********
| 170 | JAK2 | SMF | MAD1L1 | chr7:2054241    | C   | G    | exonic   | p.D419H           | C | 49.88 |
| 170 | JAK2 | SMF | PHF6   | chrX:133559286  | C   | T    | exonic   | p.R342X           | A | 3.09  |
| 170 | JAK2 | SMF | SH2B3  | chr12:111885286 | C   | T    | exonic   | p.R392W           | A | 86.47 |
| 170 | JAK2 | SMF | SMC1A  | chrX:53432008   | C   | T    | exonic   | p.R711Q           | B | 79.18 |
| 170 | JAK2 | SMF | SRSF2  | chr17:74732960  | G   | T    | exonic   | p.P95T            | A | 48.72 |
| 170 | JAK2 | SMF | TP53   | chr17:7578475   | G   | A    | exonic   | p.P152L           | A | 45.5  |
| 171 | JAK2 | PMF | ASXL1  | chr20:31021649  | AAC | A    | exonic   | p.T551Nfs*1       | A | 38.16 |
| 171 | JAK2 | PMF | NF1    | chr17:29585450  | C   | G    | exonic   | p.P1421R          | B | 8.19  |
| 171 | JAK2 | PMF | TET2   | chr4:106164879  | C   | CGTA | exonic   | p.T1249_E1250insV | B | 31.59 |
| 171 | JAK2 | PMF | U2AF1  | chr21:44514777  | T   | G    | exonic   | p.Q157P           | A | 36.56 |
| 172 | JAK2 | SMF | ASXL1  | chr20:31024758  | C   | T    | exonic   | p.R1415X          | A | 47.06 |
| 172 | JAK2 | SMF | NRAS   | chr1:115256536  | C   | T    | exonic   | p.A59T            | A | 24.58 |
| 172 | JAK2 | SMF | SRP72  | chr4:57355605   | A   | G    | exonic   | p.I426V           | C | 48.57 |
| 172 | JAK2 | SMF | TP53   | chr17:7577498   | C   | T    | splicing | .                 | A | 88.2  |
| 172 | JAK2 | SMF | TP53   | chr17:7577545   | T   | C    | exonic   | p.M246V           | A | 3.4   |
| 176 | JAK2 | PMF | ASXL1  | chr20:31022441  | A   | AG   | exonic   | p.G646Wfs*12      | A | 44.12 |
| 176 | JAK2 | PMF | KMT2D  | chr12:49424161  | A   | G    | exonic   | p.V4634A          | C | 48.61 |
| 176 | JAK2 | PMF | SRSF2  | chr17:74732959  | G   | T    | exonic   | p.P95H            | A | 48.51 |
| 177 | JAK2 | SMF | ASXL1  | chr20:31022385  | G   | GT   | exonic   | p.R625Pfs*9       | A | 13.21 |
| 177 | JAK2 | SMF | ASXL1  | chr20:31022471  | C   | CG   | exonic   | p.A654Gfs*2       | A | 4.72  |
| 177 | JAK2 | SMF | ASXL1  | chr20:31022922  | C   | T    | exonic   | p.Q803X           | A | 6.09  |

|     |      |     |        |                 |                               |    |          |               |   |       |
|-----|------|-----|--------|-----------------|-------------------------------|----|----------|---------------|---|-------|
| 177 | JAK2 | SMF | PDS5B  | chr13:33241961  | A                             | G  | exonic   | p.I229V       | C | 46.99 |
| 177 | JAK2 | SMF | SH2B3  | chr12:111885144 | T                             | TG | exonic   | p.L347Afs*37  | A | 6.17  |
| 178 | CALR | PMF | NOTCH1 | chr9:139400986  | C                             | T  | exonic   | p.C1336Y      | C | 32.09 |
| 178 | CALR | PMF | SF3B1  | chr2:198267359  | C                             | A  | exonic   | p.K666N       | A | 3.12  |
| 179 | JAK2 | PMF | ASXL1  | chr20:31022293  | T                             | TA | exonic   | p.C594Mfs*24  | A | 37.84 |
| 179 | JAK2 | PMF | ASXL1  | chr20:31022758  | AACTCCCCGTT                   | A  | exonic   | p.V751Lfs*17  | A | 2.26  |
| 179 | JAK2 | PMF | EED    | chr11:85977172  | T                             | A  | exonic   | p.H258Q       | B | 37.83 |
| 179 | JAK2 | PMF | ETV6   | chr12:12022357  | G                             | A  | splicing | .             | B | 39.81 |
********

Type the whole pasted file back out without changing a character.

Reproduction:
| 170 | JAK2 | SMF | MAD1L1 | chr7:2054241    | C   | G    | exonic   | p.D419H           | C | 49.88 |
| 170 | JAK2 | SMF | PHF6   | chrX:133559286  | C   | T    | exonic   | p.R342X           | A | 3.09  |
| 170 | JAK2 | SMF | SH2B3  | chr12:111885286 | C   | T    | exonic   | p.R392W           | A | 86.47 |
| 170 | JAK2 | SMF | SMC1A  | chrX:53432008   | C   | T    | exonic   | p.R711Q           | B | 79.18 |
| 170 | JAK2 | SMF | SRSF2  | chr17:74732960  | G   | T    | exonic   | p.P95T            | A | 48.72 |
| 170 | JAK2 | SMF | TP53   | chr17:7578475   | G   | A    | exonic   | p.P152L           | A | 45.5  |
| 171 | JAK2 | PMF | ASXL1  | chr20:31021649  | AAC | A    | exonic   | p.T551Nfs*1       | A | 38.16 |
| 171 | JAK2 | PMF | NF1    | chr17:29585450  | C   | G    | exonic   | p.P1421R          | B | 8.19  |
| 171 | JAK2 | PMF | TET2   | chr4:106164879  | C   | CGTA | exonic   | p.T1249_E1250insV | B | 31.59 |
| 171 | JAK2 | PMF | U2AF1  | chr21:44514777  | T   | G    | exonic   | p.Q157P           | A | 36.56 |
| 172 | JAK2 | SMF | ASXL1  | chr20:31024758  | C   | T    | exonic   | p.R1415X          | A | 47.06 |
| 172 | JAK2 | SMF | NRAS   | chr1:115256536  | C   | T    | exonic   | p.A59T            | A | 24.58 |
| 172 | JAK2 | SMF | SRP72  | chr4:57355605   | A   | G    | exonic   | p.I426V           | C | 48.57 |
| 172 | JAK2 | SMF | TP53   | chr17:7577498   | C   | T    | splicing | .                 | A | 88.2  |
| 172 | JAK2 | SMF | TP53   | chr17:7577545   | T   | C    | exonic   | p.M246V           | A | 3.4   |
| 176 | JAK2 | PMF | ASXL1  | chr20:31022441  | A   | AG   | exonic   | p.G646Wfs*12      | A | 44.12 |
| 176 | JAK2 | PMF | KMT2D  | chr12:49424161  | A   | G    | exonic   | p.V4634A          | C | 48.61 |
| 176 | JAK2 | PMF | SRSF2  | chr17:74732959  | G   | T    | exonic   | p.P95H            | A | 48.51 |
| 177 | JAK2 | SMF | ASXL1  | chr20:31022385  | G   | GT   | exonic   | p.R625Pfs*9       | A | 13.21 |
| 177 | JAK2 | SMF | ASXL1  | chr20:31022471  | C   | CG   | exonic   | p.A654Gfs*2       | A | 4.72  |
| 177 | JAK2 | SMF | ASXL1  | chr20:31022922  | C   | T    | exonic   | p.Q803X           | A | 6.09  |

|     |      |     |        |                 |                               |    |          |               |   |       |
|-----|------|-----|--------|-----------------|-------------------------------|----|----------|---------------|---|-------|
| 177 | JAK2 | SMF | PDS5B  | chr13:33241961  | A                             | G  | exonic   | p.I229V       | C | 46.99 |
| 177 | JAK2 | SMF | SH2B3  | chr12:111885144 | T                             | TG | exonic   | p.L347Afs*37  | A | 6.17  |
| 178 | CALR | PMF | NOTCH1 | chr9:139400986  | C                             | T  | exonic   | p.C1336Y      | C | 32.09 |
| 178 | CALR | PMF | SF3B1  | chr2:198267359  | C                             | A  | exonic   | p.K666N       | A | 3.12  |
| 179 | JAK2 | PMF | ASXL1  | chr20:31022293  | T                             | TA | exonic   | p.C594Mfs*24  | A | 37.84 |
| 179 | JAK2 | PMF | ASXL1  | chr20:31022758  | AACTCCCCGTT                   | A  | exonic   | p.V751Lfs*17  | A | 2.26  |
| 179 | JAK2 | PMF | EED    | chr11:85977172  | T                             | A  | exonic   | p.H258Q       | B | 37.83 |
| 179 | JAK2 | PMF | ETV6   | chr12:12022357  | G                             | A  | splicing | .             | B | 39.81 |